Absentee Alpha

The quest for alpha — above-market returns — is the essence of the hedge fund industry, so this factoid from the weekend Barron’s is illuminating:

David A. Hsieh, (pronounced Shay), a finance professor at the Fuqua School of Business at Duke University, estimates that the $1 trillion hedge-fund industry is chasing a mere $30 billion in alpha per year. That’s precious little to support the hefty fee-generating machinery, ostensibly developed to scoop up excess return.

“My comment…was that if there’s $30 billion of market inefficiency, in a world of $30 trillion of equities and
bonds, then we have about 0.1% inefficiency — less than the typical bid-ask spread!”

And what do hedgies think about this? They entertainingly deny, deny, deny, of course:

“Academics often have a more textbook approach than experienced practitioners and those estimates make for good cocktail talk,” says Alain DeCoster, founder of ABS Investment Management, a fund of funds based in Greenwich, Conn.

“If what he said were true, then investors would have been leaving hedge funds, not piling in, as they have for the last five years. Investors go to hedge funds in search of better risk management and greater talent.”

Right, because we all know that investors are entirely rational in the short run and never fall for bandwagon effects or the next hot thing.


  1. Hold on….great post.
    $30bil, that’s gotta be an underestimate. Theoretically…if betas significantly fluctuate, wouldn’t one expect alphas to follow?
    0.1% is too stable…compared to how much market normality fluctuates, I wouldn’t expect market abnormality to be so normal.
    At any rate, alpha’s elastic. Inefficiency comes in waves and, $30 billion can’t be a static number – it’s going to significantly expand and contract.

  2. kmpbj@hmt.com says:

    What are bandwagon effects? Does that mean people just tend to get on the bandwagon or that the fact that people tend to get on the bandwagon has effects? Does every human behavior have to be explained by a social science or evopsych mechanism?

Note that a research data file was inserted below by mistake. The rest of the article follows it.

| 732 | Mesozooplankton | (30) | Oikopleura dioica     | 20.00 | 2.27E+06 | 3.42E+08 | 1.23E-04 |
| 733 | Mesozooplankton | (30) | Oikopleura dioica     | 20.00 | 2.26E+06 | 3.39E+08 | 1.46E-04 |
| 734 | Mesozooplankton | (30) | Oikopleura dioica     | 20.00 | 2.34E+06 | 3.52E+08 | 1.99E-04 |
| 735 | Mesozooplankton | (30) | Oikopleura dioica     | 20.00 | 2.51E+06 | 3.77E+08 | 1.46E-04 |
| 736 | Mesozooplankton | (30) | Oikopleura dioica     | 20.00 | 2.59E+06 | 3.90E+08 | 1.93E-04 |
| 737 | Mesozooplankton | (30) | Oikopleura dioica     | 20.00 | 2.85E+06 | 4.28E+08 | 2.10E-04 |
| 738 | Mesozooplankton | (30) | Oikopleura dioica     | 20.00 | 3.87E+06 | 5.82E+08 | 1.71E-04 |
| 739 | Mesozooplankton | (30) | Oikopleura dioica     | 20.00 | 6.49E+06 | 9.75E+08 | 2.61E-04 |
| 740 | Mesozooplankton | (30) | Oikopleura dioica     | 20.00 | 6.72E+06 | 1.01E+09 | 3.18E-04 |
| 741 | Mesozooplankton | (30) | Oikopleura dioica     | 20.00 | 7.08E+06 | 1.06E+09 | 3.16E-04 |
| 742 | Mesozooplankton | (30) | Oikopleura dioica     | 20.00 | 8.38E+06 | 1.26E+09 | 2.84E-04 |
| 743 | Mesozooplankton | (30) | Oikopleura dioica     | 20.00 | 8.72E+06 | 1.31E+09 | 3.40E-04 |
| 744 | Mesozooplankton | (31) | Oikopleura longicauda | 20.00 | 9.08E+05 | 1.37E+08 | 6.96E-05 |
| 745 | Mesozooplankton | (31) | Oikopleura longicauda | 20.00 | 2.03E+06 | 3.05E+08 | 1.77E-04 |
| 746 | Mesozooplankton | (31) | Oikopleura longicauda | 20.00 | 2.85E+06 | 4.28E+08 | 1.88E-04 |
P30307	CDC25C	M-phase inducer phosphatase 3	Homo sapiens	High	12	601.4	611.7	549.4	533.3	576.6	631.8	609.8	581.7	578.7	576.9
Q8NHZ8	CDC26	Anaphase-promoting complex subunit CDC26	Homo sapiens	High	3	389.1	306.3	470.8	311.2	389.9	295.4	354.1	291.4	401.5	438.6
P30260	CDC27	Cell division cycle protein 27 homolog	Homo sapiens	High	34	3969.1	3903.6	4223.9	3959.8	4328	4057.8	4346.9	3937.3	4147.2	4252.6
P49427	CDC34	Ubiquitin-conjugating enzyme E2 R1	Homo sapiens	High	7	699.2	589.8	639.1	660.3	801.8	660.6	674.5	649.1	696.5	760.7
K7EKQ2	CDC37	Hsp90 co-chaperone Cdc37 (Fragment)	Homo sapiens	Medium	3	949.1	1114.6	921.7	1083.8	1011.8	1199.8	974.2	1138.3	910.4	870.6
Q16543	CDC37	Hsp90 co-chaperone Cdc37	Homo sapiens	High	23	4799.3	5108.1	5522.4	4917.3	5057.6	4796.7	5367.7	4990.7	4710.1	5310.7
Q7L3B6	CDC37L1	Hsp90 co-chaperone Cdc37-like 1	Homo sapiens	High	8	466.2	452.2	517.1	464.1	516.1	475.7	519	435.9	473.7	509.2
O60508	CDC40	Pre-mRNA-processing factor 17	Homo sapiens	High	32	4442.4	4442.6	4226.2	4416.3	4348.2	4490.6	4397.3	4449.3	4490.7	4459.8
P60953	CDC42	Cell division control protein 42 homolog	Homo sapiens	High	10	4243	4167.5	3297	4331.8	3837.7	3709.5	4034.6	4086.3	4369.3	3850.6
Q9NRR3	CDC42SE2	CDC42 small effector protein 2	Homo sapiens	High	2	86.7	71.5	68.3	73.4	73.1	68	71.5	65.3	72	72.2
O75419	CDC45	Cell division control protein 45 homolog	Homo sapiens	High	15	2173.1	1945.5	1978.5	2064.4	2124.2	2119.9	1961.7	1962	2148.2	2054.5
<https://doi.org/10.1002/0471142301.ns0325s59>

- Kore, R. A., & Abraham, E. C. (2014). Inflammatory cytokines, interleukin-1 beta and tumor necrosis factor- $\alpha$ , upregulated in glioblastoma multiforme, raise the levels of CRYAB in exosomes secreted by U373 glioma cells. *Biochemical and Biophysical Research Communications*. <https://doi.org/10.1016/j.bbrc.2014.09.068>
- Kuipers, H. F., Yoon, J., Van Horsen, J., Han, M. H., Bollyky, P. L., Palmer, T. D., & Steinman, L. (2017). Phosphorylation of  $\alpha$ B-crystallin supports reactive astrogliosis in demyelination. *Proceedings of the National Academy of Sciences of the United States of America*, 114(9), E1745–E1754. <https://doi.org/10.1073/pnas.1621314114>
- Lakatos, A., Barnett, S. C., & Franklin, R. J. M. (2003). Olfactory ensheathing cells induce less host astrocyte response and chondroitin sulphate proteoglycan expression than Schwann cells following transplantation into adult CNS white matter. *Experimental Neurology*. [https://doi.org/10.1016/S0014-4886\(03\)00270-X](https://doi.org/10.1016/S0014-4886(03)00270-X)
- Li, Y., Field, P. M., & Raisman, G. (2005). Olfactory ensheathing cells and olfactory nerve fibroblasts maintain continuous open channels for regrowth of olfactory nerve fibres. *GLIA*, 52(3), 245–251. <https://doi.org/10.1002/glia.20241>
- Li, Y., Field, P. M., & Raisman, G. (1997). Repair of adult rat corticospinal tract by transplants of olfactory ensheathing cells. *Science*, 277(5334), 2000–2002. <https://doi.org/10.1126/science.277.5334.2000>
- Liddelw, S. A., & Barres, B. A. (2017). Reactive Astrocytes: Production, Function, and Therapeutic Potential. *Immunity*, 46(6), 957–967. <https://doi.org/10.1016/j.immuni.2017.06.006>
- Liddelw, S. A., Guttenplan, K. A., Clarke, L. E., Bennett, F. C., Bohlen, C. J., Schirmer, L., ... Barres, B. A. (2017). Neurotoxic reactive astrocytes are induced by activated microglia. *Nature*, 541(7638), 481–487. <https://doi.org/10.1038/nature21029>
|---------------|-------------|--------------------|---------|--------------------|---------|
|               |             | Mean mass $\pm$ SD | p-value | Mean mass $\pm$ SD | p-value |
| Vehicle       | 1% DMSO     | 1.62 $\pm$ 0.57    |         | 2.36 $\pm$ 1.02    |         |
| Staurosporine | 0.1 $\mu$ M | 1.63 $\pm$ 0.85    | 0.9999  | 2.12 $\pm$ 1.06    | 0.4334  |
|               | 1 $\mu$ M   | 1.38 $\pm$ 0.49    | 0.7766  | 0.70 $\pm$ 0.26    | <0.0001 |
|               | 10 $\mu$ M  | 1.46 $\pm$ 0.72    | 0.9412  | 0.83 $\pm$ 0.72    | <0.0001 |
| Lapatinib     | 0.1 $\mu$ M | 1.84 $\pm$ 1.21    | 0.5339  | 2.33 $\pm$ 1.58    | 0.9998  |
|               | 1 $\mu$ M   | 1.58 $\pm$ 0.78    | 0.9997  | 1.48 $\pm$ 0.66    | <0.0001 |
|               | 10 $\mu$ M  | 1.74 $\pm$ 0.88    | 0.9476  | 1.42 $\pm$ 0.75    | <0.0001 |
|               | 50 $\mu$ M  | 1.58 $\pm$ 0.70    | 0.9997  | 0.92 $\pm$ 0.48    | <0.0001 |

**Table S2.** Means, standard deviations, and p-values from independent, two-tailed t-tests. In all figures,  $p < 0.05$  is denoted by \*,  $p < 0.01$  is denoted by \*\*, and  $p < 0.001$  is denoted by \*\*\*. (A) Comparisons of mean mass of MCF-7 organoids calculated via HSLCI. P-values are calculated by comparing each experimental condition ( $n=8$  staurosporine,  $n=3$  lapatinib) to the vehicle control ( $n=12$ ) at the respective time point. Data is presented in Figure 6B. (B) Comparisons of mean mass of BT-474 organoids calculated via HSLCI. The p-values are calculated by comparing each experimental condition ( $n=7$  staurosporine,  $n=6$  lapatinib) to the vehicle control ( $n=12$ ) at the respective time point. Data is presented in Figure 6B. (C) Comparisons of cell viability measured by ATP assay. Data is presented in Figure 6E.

3. Hmmm, did you have a psych/socsci professor irritate you earlier in life? Call it what you will — bandwagon, momentum, faddishness … whatever — but there is more to the recent collective ardor for hedge funds than coincidence and/or raging rationality.
    Saying so, however, is not the same thing as saying that every “every human behavior [has] to be explained by a social science or evopsych mechanism”.
    The preceding said, I’ll turn it around: In the face of ample and growing evidence (such as the above) that many hedge fund investors are in denial about likely returns, give me an entirely non-behavioral explanation of the phenomenon. I’d happily hear it.

  4. Brent Buckner says:

    I suspect Dr. Hsieh didn’t include alpha now available from shorting what he would of necessity deem overvalued stocks of hedge fund managers :-)
    It’s a dynamic world.

  5. Dan Arlandson says:

    $30b is likely a huge underestimate. Prop desks alone are generating in excess of $30b in alpha a year.

  6. The mere existence of a $1 trillion hedge fund industry provides pretty compelling evidence that one or both of the following is true:
    1. There a lot of alpha out there to capture, or
    2. Institutional investors who provide the bulk of that $1 trillion to hedge funds on 2/20 terms are irrational.
    If #2 is true, it doesn’t seem possible that #1 isn’t. Either was, there’s a lot of alpha out there.